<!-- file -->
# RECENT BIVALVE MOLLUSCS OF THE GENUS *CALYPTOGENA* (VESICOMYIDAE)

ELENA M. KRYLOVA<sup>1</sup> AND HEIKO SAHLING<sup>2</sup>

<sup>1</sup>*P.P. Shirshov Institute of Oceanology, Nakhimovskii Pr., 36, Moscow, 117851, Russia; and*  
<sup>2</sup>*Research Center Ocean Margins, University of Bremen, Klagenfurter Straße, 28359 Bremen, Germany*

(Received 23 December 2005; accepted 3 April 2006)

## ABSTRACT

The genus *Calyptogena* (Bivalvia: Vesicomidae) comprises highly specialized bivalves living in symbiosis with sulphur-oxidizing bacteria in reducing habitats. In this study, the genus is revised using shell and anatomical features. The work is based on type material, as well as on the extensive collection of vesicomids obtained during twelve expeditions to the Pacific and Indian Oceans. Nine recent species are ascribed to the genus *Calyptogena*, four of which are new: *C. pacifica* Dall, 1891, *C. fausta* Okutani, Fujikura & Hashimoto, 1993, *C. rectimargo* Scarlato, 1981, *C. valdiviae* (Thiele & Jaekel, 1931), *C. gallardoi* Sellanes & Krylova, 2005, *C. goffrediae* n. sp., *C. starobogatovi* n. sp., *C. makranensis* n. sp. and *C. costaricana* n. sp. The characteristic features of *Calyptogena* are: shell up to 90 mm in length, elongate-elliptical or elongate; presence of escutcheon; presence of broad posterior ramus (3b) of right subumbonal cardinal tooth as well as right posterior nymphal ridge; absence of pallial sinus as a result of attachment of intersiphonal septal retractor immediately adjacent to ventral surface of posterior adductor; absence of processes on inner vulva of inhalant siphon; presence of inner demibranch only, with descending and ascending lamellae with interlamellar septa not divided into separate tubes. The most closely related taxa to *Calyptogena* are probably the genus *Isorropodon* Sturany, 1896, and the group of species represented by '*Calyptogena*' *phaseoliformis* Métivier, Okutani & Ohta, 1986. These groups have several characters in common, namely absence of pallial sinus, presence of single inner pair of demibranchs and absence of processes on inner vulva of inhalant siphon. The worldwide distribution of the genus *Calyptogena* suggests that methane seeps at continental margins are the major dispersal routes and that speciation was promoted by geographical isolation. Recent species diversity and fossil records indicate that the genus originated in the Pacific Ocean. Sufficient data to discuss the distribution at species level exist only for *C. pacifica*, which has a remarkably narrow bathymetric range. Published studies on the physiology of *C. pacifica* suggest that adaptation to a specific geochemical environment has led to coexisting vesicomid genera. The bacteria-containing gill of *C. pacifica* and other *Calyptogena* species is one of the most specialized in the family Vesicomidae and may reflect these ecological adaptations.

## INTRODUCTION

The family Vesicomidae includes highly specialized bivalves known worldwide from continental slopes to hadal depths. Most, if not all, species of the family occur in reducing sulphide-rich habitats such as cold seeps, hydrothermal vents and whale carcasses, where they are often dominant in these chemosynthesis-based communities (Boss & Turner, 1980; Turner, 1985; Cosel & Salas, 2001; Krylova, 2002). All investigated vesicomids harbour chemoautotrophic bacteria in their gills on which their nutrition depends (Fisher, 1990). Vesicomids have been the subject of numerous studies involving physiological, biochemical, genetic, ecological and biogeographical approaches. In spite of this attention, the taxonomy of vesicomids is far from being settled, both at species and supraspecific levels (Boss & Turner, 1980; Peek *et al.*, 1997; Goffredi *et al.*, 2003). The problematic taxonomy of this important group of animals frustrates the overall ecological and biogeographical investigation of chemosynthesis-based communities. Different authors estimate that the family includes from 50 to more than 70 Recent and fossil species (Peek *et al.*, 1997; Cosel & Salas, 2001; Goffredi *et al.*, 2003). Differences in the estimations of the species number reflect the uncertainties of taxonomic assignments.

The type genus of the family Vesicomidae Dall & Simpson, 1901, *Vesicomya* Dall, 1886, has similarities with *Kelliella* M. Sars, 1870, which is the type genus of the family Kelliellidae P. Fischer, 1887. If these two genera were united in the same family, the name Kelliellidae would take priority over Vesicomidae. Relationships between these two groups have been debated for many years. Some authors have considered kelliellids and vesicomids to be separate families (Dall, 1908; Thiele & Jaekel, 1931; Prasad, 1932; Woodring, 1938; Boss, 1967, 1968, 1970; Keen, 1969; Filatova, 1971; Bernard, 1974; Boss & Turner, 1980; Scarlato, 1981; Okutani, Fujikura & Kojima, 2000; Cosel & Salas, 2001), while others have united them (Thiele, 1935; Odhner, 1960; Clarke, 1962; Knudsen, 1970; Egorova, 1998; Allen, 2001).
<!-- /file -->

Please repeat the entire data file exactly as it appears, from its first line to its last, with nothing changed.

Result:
# RECENT BIVALVE MOLLUSCS OF THE GENUS *CALYPTOGENA* (VESICOMYIDAE)

ELENA M. KRYLOVA<sup>1</sup> AND HEIKO SAHLING<sup>2</sup>

<sup>1</sup>*P.P. Shirshov Institute of Oceanology, Nakhimovskii Pr., 36, Moscow, 117851, Russia; and*  
<sup>2</sup>*Research Center Ocean Margins, University of Bremen, Klagenfurter Straße, 28359 Bremen, Germany*

(Received 23 December 2005; accepted 3 April 2006)

## ABSTRACT

The genus *Calyptogena* (Bivalvia: Vesicomidae) comprises highly specialized bivalves living in symbiosis with sulphur-oxidizing bacteria in reducing habitats. In this study, the genus is revised using shell and anatomical features. The work is based on type material, as well as on the extensive collection of vesicomids obtained during twelve expeditions to the Pacific and Indian Oceans. Nine recent species are ascribed to the genus *Calyptogena*, four of which are new: *C. pacifica* Dall, 1891, *C. fausta* Okutani, Fujikura & Hashimoto, 1993, *C. rectimargo* Scarlato, 1981, *C. valdiviae* (Thiele & Jaekel, 1931), *C. gallardoi* Sellanes & Krylova, 2005, *C. goffrediae* n. sp., *C. starobogatovi* n. sp., *C. makranensis* n. sp. and *C. costaricana* n. sp. The characteristic features of *Calyptogena* are: shell up to 90 mm in length, elongate-elliptical or elongate; presence of escutcheon; presence of broad posterior ramus (3b) of right subumbonal cardinal tooth as well as right posterior nymphal ridge; absence of pallial sinus as a result of attachment of intersiphonal septal retractor immediately adjacent to ventral surface of posterior adductor; absence of processes on inner vulva of inhalant siphon; presence of inner demibranch only, with descending and ascending lamellae with interlamellar septa not divided into separate tubes. The most closely related taxa to *Calyptogena* are probably the genus *Isorropodon* Sturany, 1896, and the group of species represented by '*Calyptogena*' *phaseoliformis* Métivier, Okutani & Ohta, 1986. These groups have several characters in common, namely absence of pallial sinus, presence of single inner pair of demibranchs and absence of processes on inner vulva of inhalant siphon. The worldwide distribution of the genus *Calyptogena* suggests that methane seeps at continental margins are the major dispersal routes and that speciation was promoted by geographical isolation. Recent species diversity and fossil records indicate that the genus originated in the Pacific Ocean. Sufficient data to discuss the distribution at species level exist only for *C. pacifica*, which has a remarkably narrow bathymetric range. Published studies on the physiology of *C. pacifica* suggest that adaptation to a specific geochemical environment has led to coexisting vesicomid genera. The bacteria-containing gill of *C. pacifica* and other *Calyptogena* species is one of the most specialized in the family Vesicomidae and may reflect these ecological adaptations.

## INTRODUCTION

The family Vesicomidae includes highly specialized bivalves known worldwide from continental slopes to hadal depths. Most, if not all, species of the family occur in reducing sulphide-rich habitats such as cold seeps, hydrothermal vents and whale carcasses, where they are often dominant in these chemosynthesis-based communities (Boss & Turner, 1980; Turner, 1985; Cosel & Salas, 2001; Krylova, 2002). All investigated vesicomids harbour chemoautotrophic bacteria in their gills on which their nutrition depends (Fisher, 1990). Vesicomids have been the subject of numerous studies involving physiological, biochemical, genetic, ecological and biogeographical approaches. In spite of this attention, the taxonomy of vesicomids is far from being settled, both at species and supraspecific levels (Boss & Turner, 1980; Peek *et al.*, 1997; Goffredi *et al.*, 2003). The problematic taxonomy of this important group of animals frustrates the overall ecological and biogeographical investigation of chemosynthesis-based communities. Different authors estimate that the family includes from 50 to more than 70 Recent and fossil species (Peek *et al.*, 1997; Cosel & Salas, 2001; Goffredi *et al.*, 2003). Differences in the estimations of the species number reflect the uncertainties of taxonomic assignments.

The type genus of the family Vesicomidae Dall & Simpson, 1901, *Vesicomya* Dall, 1886, has similarities with *Kelliella* M. Sars, 1870, which is the type genus of the family Kelliellidae P. Fischer, 1887. If these two genera were united in the same family, the name Kelliellidae would take priority over Vesicomidae. Relationships between these two groups have been debated for many years. Some authors have considered kelliellids and vesicomids to be separate families (Dall, 1908; Thiele & Jaekel, 1931; Prasad, 1932; Woodring, 1938; Boss, 1967, 1968, 1970; Keen, 1969; Filatova, 1971; Bernard, 1974; Boss & Turner, 1980; Scarlato, 1981; Okutani, Fujikura & Kojima, 2000; Cosel & Salas, 2001), while others have united them (Thiele, 1935; Odhner, 1960; Clarke, 1962; Knudsen, 1970; Egorova, 1998; Allen, 2001).